Here are the snaps I shot of these kites. Melanie told me a few of the names… others I found on the website… and the ones marked with an asterisk I just made up.

KatMan.DotMan.UnknownMan^ Top-to-bottom: Kat Man, Grinning Man* and Dot Man


^ Kat Man


^ Dot Man.
Or, as Melanie referred to him in yesterday’s failing winds, Crash Man.


^ Sky Birds and Bee*


^ Dress Kite – High Fashion
Melanie Walker’s creation and the loveliest kite in the sky.

^ Sea Turtle* and Eel*


^ Sky Birds soaring with High Fashion


^ And here’s Bug Man*, who fell to earth on my watch – but he introduced me to Melanie. To give you an idea of scale, those people on the volleyball court at lower right are not far away. And my photos only hint at the vibrant colors and absolute magic of these kites!


^ Kites flying in formation above these banners in the sand
– part of a colorful, fluttering installation that is aptly called Wind Garden.

What a great afternoon. I left the beach and took the Incline, which gets you from the sea-level PCH up to Santa Monica at the top of the Palisades. As I waited for the light to change at the top, I glanced in my side mirror and was reminded for the millionth time that day what I love about living here.

mirror image

The End (so far)

[084] Dockweiler

planeWhen I was a kid, I was fascinated with planes, airports and everything to do with aviation. Along with most other little boys of my generation, and undoubtedly quite a few of the little girls. A big jet launching into the air presents a heady mix of science, engineering, magic and romance. How does it fly?! Where is it going? Who’s on it?

Fast forward, decades. Wide-eyed little boys and girls become bleary-eyed passengers. Science and engineering are now in the service of shoehorning ever more butts into ever-shrinking seats. Magic is required to jam giant carry-ons into overhead bins. As for the romance of air travel… that phrase just reads like a punchline.

But there’s one place that even the most jaded traveler can summon his inner kid: at the end of a runway.

I dropped Eileen at LAX this afternoon, reluctantly sending her back to the last vestiges of Boston’s never-ending winter. Instead of hopping back on the freeway, I decided to take a quick detour down the Imperial Highway, which runs along the southern edge of LAX. It parallels the runways, and like all westbound routes, it ends at the big blue Pacific.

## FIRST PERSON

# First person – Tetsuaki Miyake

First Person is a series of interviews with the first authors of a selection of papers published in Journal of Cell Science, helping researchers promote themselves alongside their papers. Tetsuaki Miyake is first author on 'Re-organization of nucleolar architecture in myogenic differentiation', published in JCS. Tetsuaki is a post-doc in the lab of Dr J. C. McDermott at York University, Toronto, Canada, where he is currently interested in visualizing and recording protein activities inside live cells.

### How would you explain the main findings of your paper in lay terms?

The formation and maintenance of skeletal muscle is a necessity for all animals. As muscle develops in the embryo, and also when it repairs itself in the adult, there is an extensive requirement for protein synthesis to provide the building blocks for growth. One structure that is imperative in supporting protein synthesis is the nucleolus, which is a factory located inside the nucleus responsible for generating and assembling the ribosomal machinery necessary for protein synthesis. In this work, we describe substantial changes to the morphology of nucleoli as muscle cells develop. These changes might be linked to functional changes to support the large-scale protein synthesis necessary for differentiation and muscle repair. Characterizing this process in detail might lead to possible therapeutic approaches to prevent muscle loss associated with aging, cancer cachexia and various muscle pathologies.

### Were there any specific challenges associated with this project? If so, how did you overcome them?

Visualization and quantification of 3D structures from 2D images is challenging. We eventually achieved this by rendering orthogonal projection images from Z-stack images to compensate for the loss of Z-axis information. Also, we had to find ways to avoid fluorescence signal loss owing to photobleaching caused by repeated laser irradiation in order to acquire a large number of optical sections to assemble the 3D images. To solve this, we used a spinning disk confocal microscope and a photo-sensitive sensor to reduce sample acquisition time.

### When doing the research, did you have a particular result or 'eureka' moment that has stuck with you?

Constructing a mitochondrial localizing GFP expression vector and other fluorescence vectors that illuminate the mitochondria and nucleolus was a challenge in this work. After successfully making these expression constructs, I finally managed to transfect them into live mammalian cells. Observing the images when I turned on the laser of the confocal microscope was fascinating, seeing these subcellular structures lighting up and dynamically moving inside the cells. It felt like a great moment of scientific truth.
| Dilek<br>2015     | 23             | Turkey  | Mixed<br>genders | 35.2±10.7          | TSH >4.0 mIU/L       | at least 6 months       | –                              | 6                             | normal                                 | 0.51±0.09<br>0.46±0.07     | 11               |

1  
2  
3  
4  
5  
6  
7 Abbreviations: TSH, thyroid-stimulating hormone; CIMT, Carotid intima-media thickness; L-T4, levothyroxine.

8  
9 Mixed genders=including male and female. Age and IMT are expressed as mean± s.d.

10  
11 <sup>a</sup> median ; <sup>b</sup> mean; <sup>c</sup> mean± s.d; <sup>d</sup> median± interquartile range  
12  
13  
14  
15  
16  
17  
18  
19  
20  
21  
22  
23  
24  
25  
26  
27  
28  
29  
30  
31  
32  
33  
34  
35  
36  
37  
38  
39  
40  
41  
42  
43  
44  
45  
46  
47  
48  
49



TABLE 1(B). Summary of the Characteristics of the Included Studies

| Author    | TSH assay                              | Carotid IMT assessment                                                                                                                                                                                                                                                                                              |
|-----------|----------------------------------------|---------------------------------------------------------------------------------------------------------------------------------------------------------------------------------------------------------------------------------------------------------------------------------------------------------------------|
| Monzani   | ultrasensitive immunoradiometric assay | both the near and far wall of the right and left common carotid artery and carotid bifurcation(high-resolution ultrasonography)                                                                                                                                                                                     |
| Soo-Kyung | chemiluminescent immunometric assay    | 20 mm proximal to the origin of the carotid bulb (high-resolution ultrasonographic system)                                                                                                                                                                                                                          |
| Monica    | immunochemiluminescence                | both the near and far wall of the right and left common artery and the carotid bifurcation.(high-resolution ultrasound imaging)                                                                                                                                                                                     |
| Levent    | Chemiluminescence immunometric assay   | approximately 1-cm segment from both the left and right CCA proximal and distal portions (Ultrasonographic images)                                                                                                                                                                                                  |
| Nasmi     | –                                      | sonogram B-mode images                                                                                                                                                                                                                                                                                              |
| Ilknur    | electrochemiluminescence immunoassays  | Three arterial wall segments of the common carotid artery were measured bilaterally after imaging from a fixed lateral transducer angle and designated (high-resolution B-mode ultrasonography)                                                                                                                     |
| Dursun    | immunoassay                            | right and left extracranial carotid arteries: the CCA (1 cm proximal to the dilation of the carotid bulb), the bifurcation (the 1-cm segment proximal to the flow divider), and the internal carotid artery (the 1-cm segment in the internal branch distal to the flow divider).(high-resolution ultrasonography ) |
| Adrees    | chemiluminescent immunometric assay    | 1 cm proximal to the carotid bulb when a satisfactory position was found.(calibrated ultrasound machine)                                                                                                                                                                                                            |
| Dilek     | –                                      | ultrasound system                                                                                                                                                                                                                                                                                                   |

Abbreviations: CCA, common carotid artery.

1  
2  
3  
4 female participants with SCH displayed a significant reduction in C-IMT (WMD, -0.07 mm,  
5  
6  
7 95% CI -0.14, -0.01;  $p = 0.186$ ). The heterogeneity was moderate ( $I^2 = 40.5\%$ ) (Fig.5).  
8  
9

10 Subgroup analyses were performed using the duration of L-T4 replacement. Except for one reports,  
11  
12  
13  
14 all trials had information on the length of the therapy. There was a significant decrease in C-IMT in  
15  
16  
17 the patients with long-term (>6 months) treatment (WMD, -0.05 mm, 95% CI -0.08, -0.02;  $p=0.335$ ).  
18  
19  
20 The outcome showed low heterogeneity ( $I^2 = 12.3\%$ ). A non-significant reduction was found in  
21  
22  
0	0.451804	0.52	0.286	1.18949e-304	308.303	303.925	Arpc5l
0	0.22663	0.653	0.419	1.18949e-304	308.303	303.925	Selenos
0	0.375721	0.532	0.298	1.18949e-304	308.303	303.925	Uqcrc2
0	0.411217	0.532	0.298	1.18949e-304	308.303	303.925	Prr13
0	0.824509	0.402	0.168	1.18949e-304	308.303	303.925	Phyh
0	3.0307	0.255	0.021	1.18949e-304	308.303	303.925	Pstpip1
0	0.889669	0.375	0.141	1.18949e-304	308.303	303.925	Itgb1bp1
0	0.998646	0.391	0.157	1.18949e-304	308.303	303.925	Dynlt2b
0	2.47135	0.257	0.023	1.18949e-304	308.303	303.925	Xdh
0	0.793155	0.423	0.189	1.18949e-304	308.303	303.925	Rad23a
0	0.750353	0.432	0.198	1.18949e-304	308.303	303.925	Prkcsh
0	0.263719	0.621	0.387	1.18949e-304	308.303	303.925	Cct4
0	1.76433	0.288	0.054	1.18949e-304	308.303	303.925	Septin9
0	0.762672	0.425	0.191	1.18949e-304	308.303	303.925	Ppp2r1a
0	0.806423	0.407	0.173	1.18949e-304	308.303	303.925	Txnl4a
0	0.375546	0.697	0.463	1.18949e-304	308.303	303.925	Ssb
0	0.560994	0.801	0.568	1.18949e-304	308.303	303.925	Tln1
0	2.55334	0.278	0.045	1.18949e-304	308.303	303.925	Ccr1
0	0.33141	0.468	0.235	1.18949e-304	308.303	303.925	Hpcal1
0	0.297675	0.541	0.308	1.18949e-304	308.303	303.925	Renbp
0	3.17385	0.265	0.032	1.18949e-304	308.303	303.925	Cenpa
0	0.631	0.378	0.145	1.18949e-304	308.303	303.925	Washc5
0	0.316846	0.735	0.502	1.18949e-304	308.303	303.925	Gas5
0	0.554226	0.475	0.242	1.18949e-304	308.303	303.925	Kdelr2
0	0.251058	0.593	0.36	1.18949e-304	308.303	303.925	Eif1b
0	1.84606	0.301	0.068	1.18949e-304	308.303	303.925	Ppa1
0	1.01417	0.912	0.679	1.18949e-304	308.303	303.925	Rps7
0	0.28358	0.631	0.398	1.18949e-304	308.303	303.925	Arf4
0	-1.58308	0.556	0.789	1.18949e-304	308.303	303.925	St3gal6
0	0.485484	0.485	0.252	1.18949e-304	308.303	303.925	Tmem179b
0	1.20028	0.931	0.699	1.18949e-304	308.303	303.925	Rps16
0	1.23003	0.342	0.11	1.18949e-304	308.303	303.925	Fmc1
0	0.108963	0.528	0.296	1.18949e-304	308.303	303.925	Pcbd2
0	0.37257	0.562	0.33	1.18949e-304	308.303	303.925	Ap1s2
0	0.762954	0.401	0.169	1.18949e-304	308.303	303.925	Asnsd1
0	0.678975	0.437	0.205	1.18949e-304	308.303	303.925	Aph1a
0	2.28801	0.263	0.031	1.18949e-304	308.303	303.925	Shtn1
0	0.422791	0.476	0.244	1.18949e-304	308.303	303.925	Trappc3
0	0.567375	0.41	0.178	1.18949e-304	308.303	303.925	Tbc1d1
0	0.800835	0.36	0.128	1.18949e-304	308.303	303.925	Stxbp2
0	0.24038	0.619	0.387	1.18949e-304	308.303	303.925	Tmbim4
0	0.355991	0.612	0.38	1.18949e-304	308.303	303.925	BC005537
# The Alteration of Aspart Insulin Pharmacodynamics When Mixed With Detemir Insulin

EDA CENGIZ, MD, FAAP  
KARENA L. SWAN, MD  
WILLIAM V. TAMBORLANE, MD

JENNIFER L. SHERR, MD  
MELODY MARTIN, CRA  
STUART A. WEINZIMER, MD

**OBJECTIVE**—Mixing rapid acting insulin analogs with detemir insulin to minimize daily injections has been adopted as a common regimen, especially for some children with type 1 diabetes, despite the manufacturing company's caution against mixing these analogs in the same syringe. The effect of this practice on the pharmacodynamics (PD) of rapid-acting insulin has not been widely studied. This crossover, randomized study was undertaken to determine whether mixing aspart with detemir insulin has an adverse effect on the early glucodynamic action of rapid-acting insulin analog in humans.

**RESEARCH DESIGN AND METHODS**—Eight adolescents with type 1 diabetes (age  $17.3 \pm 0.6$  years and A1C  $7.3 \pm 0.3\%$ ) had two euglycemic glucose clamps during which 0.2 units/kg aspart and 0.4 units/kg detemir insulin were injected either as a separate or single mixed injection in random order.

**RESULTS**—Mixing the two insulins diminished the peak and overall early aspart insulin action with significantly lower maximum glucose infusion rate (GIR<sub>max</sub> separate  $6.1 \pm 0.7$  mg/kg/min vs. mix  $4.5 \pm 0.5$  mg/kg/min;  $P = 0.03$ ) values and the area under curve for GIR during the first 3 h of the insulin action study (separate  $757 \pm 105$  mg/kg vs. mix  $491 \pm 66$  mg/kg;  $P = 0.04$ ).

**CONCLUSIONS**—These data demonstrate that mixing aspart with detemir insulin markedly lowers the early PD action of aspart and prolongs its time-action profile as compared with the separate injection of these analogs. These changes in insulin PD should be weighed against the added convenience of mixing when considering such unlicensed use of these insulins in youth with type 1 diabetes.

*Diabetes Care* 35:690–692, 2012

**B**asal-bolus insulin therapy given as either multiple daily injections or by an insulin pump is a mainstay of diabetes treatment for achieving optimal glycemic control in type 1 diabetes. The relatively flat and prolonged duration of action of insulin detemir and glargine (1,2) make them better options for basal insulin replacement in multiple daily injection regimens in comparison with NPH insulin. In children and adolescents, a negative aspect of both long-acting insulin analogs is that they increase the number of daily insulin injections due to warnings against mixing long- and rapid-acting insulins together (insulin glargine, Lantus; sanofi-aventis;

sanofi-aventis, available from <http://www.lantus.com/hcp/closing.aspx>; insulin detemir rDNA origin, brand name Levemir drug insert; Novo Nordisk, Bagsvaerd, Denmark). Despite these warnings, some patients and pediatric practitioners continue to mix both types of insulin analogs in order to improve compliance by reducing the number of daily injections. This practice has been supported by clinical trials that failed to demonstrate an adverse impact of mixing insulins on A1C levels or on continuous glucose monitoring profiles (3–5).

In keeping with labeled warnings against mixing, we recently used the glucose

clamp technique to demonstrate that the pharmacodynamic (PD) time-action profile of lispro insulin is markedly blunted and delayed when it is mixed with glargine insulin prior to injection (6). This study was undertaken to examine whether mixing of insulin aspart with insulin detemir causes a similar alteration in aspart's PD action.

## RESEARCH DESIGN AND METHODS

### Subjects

Dockweiler State Beach sits under the bluffs at the end of the airport’s runways. You’d never know there is a massive intercontinental transportation hub behind that hillside covered with ice plants, because you can’t hear or see the jets until they have launched themselves right above your head, out over the ocean. Doesn’t matter the destination: north, south, east or west. Transcon or transpacific. All flights jump off headed west, into the wind. Some will turn left or right. Some will just keep going, into the wild blue yonder. Next stop: Hawaii. Tokyo. Sydney. Hong Kong. Singapore…

So the little kid in me got to relive some long-forgotten thrills today, watching big planes climb up into the bigger sky. How does it fly? Where is it going? Who’s on it? And between launches, I was drawn – as I always am – to that zone between land and sea. Where the relentless blue-green surf throws itself upon indifferent sands. It is somehow violent and peaceful all at once. An unending war, fought to an inevitable draw, over and over and over again. The sound of it is comforting, like a lullaby. The sea breeze is constant. There goes another jet. Down the beach, a few kites take to the sky. And the great flocks of gulls gathered on the beach to breed are a little more skittish than usual. They take wing en masse if someone approaches too close, settling again just 50 feet down the beach.